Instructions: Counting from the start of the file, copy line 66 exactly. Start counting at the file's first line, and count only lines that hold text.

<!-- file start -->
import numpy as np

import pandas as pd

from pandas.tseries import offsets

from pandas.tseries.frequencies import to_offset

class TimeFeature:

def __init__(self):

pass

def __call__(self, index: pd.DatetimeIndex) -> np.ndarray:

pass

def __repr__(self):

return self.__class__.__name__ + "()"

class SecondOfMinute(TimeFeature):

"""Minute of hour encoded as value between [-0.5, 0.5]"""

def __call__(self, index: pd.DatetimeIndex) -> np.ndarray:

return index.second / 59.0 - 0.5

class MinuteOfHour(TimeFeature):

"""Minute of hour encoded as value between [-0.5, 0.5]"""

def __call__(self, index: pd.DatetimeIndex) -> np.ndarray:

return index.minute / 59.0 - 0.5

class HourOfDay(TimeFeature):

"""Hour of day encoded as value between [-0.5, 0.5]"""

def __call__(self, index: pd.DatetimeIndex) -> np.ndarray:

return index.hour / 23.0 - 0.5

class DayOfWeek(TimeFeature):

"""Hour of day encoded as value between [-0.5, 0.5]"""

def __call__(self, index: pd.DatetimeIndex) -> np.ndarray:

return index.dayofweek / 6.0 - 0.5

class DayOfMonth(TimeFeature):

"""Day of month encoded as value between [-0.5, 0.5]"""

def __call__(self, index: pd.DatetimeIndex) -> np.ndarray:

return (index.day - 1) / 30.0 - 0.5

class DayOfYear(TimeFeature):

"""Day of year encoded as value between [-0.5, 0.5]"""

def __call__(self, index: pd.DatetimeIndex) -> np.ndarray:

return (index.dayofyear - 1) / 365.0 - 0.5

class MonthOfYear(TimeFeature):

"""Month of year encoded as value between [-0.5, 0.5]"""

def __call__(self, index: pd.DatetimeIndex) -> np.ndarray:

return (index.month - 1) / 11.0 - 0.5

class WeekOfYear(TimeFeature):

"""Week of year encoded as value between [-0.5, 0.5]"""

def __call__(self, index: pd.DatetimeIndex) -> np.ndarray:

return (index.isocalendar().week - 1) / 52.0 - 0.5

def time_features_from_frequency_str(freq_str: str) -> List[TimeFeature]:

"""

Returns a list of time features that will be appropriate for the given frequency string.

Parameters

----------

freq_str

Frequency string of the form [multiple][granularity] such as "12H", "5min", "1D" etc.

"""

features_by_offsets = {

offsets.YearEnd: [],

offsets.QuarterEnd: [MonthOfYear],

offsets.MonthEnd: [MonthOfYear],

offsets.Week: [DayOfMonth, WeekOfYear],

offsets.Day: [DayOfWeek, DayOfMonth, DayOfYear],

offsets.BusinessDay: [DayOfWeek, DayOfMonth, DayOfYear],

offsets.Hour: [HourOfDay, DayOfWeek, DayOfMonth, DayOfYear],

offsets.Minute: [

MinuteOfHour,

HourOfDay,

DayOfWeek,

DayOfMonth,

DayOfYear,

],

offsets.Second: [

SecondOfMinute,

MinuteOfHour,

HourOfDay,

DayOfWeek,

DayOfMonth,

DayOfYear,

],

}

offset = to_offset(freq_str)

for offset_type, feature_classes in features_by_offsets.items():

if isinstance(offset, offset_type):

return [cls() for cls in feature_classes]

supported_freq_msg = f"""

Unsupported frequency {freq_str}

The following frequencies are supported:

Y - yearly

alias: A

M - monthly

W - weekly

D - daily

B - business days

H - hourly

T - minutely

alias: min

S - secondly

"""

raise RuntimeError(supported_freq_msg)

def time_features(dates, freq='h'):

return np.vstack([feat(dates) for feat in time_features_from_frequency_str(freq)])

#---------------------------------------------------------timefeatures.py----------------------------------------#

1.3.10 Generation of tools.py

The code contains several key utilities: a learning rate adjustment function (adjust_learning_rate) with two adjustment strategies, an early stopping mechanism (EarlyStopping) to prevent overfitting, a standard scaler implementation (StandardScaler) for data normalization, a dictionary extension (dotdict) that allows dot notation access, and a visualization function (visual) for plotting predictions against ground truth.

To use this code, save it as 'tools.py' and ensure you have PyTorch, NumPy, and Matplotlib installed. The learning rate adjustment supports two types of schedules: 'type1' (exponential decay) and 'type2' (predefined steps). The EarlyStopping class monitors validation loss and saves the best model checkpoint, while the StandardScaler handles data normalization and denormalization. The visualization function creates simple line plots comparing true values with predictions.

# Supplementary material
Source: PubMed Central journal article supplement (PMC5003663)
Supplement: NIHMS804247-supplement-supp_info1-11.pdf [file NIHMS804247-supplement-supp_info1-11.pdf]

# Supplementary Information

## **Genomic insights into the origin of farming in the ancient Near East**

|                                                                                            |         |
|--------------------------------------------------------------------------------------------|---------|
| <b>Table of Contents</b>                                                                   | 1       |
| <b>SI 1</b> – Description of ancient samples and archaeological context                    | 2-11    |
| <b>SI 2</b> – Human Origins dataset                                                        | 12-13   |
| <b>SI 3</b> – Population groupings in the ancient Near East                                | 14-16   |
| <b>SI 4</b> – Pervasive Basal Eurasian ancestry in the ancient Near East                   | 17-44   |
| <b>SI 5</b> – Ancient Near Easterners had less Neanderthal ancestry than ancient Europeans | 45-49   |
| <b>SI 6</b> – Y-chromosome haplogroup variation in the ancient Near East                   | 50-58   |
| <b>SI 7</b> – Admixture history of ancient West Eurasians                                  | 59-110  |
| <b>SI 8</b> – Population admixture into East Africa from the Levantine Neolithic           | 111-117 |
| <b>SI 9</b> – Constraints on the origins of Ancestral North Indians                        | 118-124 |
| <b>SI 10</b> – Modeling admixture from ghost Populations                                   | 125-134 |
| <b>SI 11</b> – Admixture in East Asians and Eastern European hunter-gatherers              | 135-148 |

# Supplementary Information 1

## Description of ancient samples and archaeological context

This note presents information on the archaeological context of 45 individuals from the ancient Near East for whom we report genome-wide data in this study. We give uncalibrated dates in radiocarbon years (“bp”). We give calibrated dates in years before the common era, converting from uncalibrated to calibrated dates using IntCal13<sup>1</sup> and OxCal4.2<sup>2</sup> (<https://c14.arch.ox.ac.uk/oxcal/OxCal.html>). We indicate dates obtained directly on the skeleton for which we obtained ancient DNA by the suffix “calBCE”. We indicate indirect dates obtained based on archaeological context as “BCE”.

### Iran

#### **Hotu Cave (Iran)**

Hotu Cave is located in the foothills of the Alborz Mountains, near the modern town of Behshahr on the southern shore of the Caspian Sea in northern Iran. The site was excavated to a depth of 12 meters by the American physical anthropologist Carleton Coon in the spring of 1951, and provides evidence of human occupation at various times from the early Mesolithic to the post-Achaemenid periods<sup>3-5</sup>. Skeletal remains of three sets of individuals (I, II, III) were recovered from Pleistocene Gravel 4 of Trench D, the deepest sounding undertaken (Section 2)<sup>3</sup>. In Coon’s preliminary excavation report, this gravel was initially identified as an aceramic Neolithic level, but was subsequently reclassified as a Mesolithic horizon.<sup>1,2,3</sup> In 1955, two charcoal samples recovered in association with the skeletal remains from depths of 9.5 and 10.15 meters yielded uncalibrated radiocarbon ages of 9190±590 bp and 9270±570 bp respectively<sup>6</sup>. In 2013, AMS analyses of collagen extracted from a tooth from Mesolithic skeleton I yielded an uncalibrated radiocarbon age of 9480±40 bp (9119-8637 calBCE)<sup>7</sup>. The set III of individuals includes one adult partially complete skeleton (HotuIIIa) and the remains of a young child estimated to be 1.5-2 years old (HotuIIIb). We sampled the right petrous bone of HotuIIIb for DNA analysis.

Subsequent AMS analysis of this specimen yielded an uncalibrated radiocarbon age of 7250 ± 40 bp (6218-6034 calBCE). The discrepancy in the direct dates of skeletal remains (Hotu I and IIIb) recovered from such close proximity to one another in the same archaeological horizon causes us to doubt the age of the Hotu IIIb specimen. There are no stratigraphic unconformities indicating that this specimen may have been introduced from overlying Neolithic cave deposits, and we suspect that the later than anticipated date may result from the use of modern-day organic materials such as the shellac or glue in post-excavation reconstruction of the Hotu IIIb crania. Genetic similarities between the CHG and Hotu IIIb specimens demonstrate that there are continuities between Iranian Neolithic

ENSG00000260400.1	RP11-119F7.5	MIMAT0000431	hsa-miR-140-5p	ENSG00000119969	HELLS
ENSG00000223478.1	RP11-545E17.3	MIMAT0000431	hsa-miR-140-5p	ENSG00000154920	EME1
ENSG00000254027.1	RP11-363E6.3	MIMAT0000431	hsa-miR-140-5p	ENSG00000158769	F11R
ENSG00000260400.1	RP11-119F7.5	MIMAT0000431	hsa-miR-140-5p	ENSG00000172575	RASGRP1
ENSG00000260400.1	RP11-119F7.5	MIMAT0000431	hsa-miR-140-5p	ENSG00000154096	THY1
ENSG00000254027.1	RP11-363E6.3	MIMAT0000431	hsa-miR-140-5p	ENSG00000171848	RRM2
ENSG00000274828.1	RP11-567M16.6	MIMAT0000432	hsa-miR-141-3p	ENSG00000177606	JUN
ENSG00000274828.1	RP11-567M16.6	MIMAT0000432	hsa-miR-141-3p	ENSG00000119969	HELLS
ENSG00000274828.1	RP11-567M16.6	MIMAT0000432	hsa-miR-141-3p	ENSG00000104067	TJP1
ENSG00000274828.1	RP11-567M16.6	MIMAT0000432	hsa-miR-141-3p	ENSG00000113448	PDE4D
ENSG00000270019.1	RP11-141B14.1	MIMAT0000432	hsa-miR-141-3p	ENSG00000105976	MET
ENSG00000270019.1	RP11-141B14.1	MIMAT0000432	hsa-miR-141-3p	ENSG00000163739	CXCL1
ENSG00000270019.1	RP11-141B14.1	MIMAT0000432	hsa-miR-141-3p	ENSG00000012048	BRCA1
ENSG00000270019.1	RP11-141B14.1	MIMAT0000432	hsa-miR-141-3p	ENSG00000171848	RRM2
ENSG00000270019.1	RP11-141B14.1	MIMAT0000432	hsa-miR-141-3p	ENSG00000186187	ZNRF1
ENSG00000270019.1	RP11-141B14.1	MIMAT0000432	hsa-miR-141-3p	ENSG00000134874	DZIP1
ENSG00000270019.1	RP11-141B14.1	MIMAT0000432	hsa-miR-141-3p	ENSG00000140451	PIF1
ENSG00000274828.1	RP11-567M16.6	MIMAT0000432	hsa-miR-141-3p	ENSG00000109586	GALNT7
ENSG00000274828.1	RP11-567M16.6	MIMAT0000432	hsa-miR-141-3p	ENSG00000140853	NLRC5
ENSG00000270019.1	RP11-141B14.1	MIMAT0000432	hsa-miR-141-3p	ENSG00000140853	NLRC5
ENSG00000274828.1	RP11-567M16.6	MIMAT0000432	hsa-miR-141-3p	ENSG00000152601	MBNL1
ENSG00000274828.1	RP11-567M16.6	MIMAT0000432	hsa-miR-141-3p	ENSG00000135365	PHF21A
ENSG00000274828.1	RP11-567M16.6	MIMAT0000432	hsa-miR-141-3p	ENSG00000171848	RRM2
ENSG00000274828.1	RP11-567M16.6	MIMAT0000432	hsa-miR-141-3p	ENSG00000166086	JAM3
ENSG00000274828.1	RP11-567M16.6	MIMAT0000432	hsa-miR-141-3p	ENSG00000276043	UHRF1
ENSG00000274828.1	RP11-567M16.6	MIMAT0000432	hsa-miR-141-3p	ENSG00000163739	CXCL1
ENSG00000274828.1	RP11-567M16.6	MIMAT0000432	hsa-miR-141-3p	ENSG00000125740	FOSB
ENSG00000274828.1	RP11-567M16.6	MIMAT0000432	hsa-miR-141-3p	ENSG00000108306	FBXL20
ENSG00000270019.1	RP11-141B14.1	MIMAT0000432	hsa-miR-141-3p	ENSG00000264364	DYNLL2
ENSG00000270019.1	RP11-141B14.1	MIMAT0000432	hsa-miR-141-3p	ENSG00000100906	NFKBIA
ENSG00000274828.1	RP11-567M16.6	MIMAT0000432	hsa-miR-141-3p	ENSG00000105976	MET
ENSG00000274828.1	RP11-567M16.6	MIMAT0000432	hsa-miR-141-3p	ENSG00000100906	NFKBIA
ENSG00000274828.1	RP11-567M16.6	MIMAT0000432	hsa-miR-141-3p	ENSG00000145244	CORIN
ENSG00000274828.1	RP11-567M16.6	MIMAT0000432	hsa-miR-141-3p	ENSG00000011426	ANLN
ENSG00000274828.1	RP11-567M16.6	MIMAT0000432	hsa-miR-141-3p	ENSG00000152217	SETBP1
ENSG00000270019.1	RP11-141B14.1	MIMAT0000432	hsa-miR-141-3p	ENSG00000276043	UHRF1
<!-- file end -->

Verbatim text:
],